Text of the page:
that the individual had committed. Overtime, public torture began to be marked by celebrations and huge crowds. The number of women who were considered as the most delicate of the human species, began to grow in leaps and bounds. The act had lost its initial ‘shock factor’. The feeling of fear that was supposed to prevent future crimes was lost. The collective reverence of the human body especially under religion, began to ebb away due to overexposure to these public executions. This attitude began to change in the second half of the 17th century.
Philosophical Debate Regarding the use of Torture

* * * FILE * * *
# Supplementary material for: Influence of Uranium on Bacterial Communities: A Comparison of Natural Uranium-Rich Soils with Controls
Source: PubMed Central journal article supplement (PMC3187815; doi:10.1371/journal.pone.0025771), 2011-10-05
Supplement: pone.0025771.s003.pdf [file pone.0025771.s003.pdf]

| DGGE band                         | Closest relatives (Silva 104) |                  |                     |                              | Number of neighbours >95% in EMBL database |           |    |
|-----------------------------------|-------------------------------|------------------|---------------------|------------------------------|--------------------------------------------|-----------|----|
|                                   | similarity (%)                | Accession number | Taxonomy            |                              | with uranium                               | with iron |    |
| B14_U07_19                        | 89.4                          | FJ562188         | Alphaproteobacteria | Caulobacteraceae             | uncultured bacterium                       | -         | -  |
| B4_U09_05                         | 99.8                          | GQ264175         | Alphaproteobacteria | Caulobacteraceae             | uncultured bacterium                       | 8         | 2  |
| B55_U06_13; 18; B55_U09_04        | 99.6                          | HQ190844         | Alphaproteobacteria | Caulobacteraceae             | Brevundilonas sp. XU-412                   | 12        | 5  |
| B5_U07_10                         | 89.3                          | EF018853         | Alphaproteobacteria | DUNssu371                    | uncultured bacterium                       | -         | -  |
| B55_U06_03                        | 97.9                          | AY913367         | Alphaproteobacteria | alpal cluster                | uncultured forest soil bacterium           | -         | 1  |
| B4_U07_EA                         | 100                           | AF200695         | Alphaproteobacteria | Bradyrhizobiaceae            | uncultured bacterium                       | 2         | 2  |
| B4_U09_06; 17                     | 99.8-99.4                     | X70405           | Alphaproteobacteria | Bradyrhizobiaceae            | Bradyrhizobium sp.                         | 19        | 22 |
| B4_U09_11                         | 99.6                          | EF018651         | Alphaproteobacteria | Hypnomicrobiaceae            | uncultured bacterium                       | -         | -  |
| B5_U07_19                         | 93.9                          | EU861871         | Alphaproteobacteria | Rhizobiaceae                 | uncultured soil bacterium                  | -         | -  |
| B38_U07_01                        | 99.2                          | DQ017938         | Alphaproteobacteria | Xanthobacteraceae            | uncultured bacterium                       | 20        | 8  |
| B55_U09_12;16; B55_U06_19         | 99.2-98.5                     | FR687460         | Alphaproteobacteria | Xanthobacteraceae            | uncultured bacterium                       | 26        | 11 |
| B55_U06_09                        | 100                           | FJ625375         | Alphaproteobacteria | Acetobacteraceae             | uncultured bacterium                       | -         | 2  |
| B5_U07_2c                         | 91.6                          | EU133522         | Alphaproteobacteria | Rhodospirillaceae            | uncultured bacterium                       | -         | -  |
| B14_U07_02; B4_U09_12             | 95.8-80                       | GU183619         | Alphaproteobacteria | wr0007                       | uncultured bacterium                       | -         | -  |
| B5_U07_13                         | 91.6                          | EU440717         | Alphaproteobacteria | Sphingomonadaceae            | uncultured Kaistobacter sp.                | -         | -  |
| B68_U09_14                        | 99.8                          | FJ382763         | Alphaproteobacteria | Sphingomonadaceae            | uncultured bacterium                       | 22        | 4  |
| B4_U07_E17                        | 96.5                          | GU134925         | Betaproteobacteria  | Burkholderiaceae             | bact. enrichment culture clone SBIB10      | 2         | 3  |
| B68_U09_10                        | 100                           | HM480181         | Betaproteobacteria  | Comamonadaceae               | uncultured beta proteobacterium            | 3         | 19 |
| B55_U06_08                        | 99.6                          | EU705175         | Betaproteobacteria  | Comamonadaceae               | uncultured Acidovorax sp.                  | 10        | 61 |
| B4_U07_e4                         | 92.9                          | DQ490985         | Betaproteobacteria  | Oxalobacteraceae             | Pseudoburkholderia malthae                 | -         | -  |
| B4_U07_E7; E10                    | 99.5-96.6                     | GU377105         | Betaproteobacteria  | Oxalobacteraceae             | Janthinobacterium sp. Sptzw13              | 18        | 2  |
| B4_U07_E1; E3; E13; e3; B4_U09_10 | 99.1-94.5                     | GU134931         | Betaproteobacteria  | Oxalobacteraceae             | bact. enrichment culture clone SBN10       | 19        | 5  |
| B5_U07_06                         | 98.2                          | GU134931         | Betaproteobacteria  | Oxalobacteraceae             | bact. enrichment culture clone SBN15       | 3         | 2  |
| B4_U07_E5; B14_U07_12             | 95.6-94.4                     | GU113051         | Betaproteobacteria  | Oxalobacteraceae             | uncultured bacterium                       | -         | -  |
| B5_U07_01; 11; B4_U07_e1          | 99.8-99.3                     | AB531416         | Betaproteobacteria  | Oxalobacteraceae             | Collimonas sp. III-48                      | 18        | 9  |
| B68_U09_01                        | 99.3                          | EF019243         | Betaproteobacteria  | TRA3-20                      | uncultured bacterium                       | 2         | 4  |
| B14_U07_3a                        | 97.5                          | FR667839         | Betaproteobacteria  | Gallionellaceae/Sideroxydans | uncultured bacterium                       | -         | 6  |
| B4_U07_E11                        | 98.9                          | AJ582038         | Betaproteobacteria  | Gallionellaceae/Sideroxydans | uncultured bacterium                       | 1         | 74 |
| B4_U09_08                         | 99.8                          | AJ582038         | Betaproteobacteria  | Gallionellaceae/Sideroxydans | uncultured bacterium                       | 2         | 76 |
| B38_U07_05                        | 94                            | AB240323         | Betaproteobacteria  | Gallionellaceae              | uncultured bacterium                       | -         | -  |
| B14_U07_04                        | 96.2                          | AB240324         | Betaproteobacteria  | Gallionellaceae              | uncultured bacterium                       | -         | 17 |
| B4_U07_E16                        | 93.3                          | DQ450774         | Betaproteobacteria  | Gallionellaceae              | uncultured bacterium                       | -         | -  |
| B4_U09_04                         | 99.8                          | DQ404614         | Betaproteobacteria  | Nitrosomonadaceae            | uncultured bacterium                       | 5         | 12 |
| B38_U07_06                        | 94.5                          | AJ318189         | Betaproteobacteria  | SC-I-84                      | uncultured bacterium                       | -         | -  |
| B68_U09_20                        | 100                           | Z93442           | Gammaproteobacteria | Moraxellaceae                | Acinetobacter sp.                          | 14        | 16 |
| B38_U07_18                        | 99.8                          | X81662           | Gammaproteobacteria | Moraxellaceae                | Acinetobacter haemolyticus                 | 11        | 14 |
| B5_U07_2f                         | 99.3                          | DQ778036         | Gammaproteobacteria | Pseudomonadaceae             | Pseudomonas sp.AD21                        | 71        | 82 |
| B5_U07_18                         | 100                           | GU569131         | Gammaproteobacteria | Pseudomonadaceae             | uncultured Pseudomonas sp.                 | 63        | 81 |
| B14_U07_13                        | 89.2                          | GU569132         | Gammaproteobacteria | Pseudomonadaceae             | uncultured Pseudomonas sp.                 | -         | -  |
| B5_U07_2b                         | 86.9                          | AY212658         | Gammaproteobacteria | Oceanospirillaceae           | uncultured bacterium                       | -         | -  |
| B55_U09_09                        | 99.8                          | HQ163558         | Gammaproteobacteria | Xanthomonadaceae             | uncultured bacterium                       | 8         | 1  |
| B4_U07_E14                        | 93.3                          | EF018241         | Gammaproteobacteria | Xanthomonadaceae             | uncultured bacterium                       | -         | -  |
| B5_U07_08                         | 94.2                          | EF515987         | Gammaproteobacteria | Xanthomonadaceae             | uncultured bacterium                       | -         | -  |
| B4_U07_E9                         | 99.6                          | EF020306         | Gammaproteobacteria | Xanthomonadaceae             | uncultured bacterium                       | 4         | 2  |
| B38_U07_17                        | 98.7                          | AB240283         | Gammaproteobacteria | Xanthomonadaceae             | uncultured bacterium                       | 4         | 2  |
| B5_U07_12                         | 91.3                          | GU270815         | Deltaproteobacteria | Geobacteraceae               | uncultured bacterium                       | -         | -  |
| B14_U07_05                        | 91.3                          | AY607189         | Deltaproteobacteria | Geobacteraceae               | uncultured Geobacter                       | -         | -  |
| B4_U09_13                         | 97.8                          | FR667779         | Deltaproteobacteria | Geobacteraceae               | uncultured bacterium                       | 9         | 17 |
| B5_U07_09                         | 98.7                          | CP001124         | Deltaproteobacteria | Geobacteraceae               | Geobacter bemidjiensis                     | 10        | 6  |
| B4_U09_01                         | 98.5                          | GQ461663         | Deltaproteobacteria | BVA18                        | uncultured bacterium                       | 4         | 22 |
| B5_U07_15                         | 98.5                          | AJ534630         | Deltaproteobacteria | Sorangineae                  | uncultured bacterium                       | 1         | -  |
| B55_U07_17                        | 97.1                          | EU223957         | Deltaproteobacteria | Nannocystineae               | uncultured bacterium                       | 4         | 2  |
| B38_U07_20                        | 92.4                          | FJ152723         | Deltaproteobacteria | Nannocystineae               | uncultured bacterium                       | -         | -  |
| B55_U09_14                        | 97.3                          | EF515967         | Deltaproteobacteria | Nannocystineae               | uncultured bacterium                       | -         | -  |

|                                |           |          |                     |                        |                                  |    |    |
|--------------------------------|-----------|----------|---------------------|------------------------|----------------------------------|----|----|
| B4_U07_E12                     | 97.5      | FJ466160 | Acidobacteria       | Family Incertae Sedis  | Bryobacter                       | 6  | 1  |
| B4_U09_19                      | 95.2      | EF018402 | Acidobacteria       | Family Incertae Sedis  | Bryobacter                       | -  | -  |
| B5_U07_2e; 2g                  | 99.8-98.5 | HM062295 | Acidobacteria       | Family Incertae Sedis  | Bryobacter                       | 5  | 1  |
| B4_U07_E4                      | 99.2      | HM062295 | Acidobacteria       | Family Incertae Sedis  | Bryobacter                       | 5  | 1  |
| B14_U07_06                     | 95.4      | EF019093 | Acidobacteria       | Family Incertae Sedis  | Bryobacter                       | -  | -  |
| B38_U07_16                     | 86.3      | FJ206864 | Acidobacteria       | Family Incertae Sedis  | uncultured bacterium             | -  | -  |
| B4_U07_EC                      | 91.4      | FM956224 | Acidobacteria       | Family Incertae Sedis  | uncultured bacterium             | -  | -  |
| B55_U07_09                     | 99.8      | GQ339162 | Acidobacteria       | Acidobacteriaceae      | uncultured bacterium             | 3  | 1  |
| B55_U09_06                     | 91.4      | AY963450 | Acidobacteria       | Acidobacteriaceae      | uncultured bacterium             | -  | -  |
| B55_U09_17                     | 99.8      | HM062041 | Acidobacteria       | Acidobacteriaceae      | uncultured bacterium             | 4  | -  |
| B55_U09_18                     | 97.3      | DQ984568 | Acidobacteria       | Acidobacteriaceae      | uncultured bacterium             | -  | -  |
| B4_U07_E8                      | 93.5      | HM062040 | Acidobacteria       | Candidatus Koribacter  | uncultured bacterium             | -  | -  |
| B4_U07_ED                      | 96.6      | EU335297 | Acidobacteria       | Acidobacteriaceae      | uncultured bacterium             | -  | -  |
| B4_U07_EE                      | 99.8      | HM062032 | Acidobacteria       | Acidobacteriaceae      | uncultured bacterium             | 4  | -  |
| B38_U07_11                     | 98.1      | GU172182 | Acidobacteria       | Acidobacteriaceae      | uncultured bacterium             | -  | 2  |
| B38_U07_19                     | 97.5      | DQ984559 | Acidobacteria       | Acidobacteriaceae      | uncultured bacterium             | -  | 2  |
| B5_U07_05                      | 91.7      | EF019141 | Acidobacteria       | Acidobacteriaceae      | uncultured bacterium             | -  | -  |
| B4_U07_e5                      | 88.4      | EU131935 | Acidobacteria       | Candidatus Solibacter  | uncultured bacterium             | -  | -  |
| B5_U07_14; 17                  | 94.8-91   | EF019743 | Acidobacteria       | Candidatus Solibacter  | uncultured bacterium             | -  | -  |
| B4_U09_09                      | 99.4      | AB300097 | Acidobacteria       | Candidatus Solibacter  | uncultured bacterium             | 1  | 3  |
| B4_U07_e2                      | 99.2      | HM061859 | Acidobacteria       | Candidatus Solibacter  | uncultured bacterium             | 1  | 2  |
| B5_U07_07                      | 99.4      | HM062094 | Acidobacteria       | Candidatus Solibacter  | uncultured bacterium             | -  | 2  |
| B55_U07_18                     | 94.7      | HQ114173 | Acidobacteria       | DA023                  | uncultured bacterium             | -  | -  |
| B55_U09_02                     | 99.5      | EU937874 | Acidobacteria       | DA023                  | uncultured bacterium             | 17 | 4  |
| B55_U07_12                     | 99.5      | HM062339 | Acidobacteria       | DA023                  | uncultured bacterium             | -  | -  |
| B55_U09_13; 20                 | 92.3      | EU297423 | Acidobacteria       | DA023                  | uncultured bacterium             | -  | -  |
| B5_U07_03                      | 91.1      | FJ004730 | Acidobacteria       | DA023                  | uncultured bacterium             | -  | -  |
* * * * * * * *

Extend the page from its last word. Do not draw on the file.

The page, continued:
According to Lyn Hunt, Author of ‘Inventing Human Rights’, once debates and arguments against torture and cruel punishment began to be commonplace,…show more content… The most notable case of torture that prompted this new wave was that of Jean Calas, a man who was sentenced to ‘breaking on wheel’ for allegedly murdering his son. The French Philosopher, Francois- Marie Arouet, commonly known as Voltaire championed the campaign against this sentence by writing ‘the treatise on tolerance on the occasion of the death of Jean Calas.’ In this letter, he argued against religious intolerance but not against torture. He stated that “it is in the interest of mankind to examine whether the true religious spirit is more consistent with charity or with cruelty” (Voltaire, Masters, & Harvey, 2004). However, over time Voltaire began to publicly condemn Torture and a new wave of intellectual debates began. The Italian Philosopher, Cesar Beccaria, in his essay on crimes and punishment, limited criminal punishment to “what is absolutely necessary to defend the public wellbeing” (Harcourt, 2013). Beccaria opposed torture and punishment that was carried out in private. He opined that privacy made punishments lose their deterrent value. William Blackstone, following in Beccaria’s footsteps, made a resounding statement that has transcended its time. He states that criminal should always be "conformable to the dictates of truth and justice, the feelings of humanity, and the indelible rights of mankind." (Hunt,